Will I have to pay for my long-term care?

Many of us will eventually need, or choose, to move into a residential care setting. But who will pay the bill? Care fees expert Heledd Wyn sets out your rights.

Most people would prefer to remain and receive care in their own home irrespective of any physical or mental infirmity.

This is a principal objective of community care. However, in practice how much assistance you receive from your local authority social services department will depend on the extent of your need for services and their eligibility criteria.

Each local authority has different criteria. Commonly, many older people, their family and carers consider whether to move into a care home as an option.

Residential and nursing homes

Residential and nursing homes usually charge on a weekly basis. The fee will depend on the nature and level of care provided, the location and facilities of the home.

If you decide to move into a care home, important decisions need to be made. Such decisions may have unintended ramifications and taking specialist advice at an early stage can prevent or mitigate problems arising later, leaving you in the best position to plan your care.

If your assets exceed certain thresholds (which will depend on which part of the country you live in) then you will be required to pay for care.

Will any of my assets be disregarded?

The following may not be included in your overall ‘assets’ (but are not limited to):

  • Personal belongings, unless purchased with intention of reducing capital in the assessment (which would be considered as deliberate deprivation of assets);
  • Capital value of a life interest in land or trust fund (including personal injury trusts), for example, if a house is co-owned with a spouse/civil partner or child as tenants in common.; and/or
  • Certain financial products – getting independent financial advice on these is crucial.

How are savings considered?  

There is no right for the local authority to view the finances of a spouse or partner of someone going into care. However, if there is an account in joint names, they can see what the spouse or civil partner has. Means-tested care is based on the means of the individual needing care alone.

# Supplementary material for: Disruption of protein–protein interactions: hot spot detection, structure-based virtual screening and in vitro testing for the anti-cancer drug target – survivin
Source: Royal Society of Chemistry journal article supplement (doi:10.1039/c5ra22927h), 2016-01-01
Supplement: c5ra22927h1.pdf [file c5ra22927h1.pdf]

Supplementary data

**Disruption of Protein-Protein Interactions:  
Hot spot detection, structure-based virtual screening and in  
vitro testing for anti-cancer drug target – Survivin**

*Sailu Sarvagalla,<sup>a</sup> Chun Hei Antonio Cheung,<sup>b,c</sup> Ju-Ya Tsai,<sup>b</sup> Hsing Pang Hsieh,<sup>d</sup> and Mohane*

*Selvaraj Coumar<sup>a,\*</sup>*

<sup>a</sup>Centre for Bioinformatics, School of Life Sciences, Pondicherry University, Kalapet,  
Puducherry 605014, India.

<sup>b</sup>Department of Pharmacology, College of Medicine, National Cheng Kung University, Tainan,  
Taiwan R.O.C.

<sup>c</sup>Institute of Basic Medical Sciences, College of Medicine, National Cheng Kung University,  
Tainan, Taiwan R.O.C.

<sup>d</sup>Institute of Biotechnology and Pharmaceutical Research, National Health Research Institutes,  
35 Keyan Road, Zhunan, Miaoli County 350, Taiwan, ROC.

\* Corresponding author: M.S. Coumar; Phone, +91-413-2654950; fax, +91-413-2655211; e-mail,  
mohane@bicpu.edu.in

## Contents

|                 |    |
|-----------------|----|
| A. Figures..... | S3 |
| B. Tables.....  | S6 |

How is income considered?

Much of an individual’s income will go towards care fees, although certain income is disregarded including 50% of an occupational or personal pension – on the proviso that the other 50% goes to their spouse or civil partner.

When the local authority works out which assets should be used to pay towards care, how is the family home treated? Often the biggest capital asset, the value of the family home will be disregarded if:

  • the care placement is temporary;
  • the home is occupied by a spouse, partner, former partner or civil partner; or
  • a relative or family member (from a specified list) occupy the home and are:
    • aged 60 or over
    • under 18; or
    • incapacitated (which means that they need to be receiving incapacity benefits or have needs that would qualify for such benefits)

Local authorities do have the discretion to disregard the value of the family home if another person, not falling under the above continues to live there, for example, where it is the sole residence of someone who has given up their own home in order to care for the resident.

Deferred payments

Where there is a family home that is considered for means-tested benefits, but there is a reluctance to sell it (perhaps for sentimental reasons) then it may be possible to arrange for a deferred payment secured against the property. These are organised via the local authority and are in effect a charge against the property for the value of the care fees incurred.

The scheme can be used when an individual has been in a care home for 12 weeks or more (where the main asset for means-tested care is a property). A local authority should assist with the funding of the care and disregard the value of the property for the first 12 weeks.

Short-term stays will not be covered by the scheme, but it is possible to use the value of the home to ‘top-up’ care fees. This is where the local authority, having calculated the cost of the care that is to be provided, offers a care home that is not the preferred choice – where the latter is more expensive, the difference in the fee can still be paid.

Deliberate deprivation of capital or income

Often people consider that they can give away assets to avoid care fees – believing that the ‘seven-year rule’ that applies to inheritance tax on gifts also applies to gifts made with the express intention of avoiding care fees. This is not the case.

If a local authority is required to fund someone’s care and, once they have undertaken a financial assessment, find that that individual has given away a significant asset that could have been used to pay for their care – then they are able to take that asset into account as ‘notional capital’. This notional capital will then be considered in any financial assessment and will have an impact on how much money and financial assistance the local authority will then provide towards care.

There is no seven-year rule in these cases, although practically, the earlier the asset was gifted it may be harder to demonstrate deliberate deprivation, but no reliance should be placed on this.


Heledd is a Partner with national law firm and AAA member Shakespeare Martineau. Specialising in future planning, Heledd provides expert advice and guidance in respect of wills, powers of attorney, long-term care, and asset protection to both private individuals and business owners. You can contact Heledd by email or call 0117 906 9400.

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